Understanding Your Credit
It’s more than just one number
by Angela S. Hoover,
A credit score is
a number that
credit risk, based on your credit
report at a particular point in time.
Potential lenders use this score
to evaluate the risk of extending
credit to someone.
There are three major reporting bureaus where all credit and
payment histories are reported
and stored: Equifax, Experian and
TransUnion. All three agencies
will have a different credit score
based on the information of its
credit report. Everyone has more
than 40 different credit scores,
not a single credit score as is often
stated in advertisements.
There are so many different credit
scores because banks and other
lenders use several different lenses
to evaluate people’s ability to
manage credit. A particular lender
may use one or a combination of
several credit scores to make a determination about an application.
These scores come from the three
bureaus and in-house models. The
two most popular scores are the
FICO and VantageScore.
FICO, the oldest model, was established in 1956 by the Fair Isaac
Corporation. Its primary business
is selling proprietary scoring systems to lenders and credit bureaus
to evaluate lending risk. Originally
used to calculate mortgage default
risk, FICO has evolved to apply
to many different types of credit.
Today, people have six FICO
scores: generic, mortgage, auto,
bankcard, installment loan and
personal finance. Additionally,
each of the three bureaus has their
own models to change the FICO
scores, each with distinct varia-
tions for the six categories. This
means everyone has a minimum
of 16 separate FICO credit scores.
The general weighted components
of a FICO score are:
• 35 percent – payment history
• 30 percent – amounts owed
• 15 percent – length of credit
• 10 percent – types of credit in
• 10 percent – new credit
The VantageScore was launched in
2006 as a collaboration between
the three credit bureaus to help
them compete with FICO. Just as
with the FICO scores, a VantageScore can be tailored for particular
lenders and types of credit.
In addition to these 20 or so
FICO and VantageScores, there
about 10 to 20 other direct-toconsumer, application risk and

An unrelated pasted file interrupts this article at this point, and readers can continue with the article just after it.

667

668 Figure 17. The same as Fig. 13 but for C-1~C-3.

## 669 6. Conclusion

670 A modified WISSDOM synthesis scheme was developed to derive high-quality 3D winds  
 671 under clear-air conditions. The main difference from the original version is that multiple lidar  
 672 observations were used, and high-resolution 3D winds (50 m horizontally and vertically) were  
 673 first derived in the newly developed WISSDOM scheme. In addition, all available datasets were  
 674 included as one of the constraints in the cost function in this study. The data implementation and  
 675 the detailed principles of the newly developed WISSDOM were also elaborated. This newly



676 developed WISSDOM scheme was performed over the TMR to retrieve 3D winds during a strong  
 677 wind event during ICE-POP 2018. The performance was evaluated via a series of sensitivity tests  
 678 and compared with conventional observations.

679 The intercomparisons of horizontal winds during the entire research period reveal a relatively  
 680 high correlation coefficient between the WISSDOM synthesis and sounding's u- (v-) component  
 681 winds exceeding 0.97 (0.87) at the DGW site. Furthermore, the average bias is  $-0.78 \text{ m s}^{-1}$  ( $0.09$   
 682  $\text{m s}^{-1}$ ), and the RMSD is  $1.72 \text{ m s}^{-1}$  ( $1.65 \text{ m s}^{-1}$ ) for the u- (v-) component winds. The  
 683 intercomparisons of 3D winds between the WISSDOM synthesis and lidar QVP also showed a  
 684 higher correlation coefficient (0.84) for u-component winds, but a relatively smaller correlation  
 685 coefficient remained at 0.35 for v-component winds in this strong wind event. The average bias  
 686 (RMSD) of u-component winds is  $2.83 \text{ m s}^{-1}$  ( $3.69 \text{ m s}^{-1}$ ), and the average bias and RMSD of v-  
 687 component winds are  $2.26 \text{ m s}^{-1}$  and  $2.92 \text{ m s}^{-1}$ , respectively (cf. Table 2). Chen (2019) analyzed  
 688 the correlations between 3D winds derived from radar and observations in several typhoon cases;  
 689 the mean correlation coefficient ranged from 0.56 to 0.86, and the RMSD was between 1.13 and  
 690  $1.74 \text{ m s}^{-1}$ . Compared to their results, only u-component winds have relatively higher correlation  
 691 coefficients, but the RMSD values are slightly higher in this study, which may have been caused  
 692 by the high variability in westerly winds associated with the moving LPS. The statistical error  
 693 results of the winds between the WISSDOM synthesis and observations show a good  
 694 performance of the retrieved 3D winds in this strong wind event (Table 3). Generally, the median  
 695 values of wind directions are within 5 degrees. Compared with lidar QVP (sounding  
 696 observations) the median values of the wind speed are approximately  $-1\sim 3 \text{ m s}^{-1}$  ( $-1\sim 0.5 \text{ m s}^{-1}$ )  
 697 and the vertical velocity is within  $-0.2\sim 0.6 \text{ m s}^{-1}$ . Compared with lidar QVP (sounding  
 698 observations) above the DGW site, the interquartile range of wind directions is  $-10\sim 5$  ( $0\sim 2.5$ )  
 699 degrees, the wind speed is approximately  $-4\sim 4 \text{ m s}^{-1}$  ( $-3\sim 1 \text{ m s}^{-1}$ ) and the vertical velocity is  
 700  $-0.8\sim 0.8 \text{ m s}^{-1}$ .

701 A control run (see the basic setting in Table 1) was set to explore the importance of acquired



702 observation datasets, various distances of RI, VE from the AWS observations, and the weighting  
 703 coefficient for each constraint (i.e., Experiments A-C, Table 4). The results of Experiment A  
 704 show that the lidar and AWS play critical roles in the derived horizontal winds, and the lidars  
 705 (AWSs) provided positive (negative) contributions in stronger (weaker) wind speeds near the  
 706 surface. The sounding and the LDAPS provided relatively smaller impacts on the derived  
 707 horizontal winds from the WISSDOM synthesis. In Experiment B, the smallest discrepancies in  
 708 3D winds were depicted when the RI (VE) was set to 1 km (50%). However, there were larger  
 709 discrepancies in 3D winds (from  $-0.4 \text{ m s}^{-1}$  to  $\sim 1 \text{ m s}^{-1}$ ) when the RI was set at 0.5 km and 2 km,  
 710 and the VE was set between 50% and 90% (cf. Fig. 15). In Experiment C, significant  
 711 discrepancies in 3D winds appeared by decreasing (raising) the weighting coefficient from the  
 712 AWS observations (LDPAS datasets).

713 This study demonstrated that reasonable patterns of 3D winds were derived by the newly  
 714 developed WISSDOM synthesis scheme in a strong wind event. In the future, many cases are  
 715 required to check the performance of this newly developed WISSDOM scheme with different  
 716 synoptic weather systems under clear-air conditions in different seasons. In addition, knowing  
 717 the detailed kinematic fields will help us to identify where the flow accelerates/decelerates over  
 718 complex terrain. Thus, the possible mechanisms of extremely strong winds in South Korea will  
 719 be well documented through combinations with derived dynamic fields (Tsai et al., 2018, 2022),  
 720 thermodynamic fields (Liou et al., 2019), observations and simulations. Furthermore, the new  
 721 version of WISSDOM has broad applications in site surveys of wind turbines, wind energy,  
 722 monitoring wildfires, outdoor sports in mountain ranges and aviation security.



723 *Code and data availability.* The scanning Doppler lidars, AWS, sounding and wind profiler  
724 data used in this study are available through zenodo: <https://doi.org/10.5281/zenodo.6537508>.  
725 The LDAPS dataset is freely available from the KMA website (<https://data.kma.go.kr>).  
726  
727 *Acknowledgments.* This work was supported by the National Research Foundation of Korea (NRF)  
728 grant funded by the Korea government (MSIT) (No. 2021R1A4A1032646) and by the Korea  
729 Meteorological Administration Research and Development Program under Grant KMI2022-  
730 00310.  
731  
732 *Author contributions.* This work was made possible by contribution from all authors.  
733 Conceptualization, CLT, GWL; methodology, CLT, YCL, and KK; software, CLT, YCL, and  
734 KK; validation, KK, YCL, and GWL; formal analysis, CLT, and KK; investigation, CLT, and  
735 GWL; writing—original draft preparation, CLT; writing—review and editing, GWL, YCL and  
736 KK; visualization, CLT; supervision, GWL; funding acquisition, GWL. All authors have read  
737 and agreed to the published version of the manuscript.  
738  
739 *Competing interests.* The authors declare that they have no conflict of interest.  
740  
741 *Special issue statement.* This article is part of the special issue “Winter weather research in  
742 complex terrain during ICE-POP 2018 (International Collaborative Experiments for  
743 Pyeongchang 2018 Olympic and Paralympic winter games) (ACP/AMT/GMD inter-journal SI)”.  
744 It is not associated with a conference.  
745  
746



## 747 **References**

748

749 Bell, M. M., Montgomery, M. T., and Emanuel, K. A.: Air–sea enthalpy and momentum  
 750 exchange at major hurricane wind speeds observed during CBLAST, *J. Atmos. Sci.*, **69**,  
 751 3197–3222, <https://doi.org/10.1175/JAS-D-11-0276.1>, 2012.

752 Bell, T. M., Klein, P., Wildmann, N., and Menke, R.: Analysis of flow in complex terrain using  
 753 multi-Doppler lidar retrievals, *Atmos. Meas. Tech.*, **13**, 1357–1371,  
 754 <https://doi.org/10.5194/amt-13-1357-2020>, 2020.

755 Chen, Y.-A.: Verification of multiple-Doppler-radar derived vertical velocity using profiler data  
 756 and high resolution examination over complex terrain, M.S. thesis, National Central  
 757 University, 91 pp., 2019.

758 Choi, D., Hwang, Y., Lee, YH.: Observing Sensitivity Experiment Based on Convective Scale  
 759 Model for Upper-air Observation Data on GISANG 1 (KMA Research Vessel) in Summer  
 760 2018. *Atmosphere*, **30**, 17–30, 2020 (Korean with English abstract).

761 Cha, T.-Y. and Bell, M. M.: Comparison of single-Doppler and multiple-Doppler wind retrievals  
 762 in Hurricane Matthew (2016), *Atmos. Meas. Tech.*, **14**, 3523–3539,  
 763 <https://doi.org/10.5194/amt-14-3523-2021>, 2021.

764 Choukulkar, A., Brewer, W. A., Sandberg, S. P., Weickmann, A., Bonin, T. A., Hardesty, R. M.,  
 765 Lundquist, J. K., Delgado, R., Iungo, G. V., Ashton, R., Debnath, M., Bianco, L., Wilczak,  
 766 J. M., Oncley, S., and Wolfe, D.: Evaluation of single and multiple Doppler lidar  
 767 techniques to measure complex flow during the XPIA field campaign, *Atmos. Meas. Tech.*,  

customer risk scores (also called
behavior scores). Higher scores
are better. This is the breakdown:
• 760-850: Excellent
• 700-759: Very Good
• 660-699: Good
• 620-659: Fair
• 619 or less: Bad
Each lender will have their own
parameters from which to judge
your credit scores. And with the
flexibility to customize the FICO
and VantageScore models for specific purposes, hundreds of credit
scores are possible.
Everyone is entitled to one free
credit report a year at www.annualcreditreport.com. You can
also buy your report directly from
each of the bureaus or all three at
www.myfico.com. Widely adver-
tised third-party companies also
offer free credit reports. Read the
details to see which agency and
score the company is providing.
For instance, if the company uses
Experian, you will either receive
the FICO Experian Risk Score or
Here are some ways
to improve your
• Always pay in full and on time.
• Increase your credit limit if
• Pay off balances and don’t carry
revolving debt if you can avoid
• If you have bad or no credit,
don’t apply everywhere for
credit; an inquiry deducts about
five points off your score. To
lenders, six or more inquiries
indicates a likelihood of filing
• Don’t close old accounts; this
could lower your score, and if
you had a late payment it will
not disappear from your credit
2 HAMBURG JOURNAL
report just from closing the
• If you must close accounts,
close newer ones because longestablished credit relationships
• Avoid opening a lot of new accounts at once, especially if you
don’t have a long credit history.
A good rule of thumb is to have
no more than five credit cards.
• Fix bad credit. Work to have
inaccurate information removed. For more serious issues,
such as judgments, foreclosures
or bankruptcies, seek a credit
repair specialist for help.
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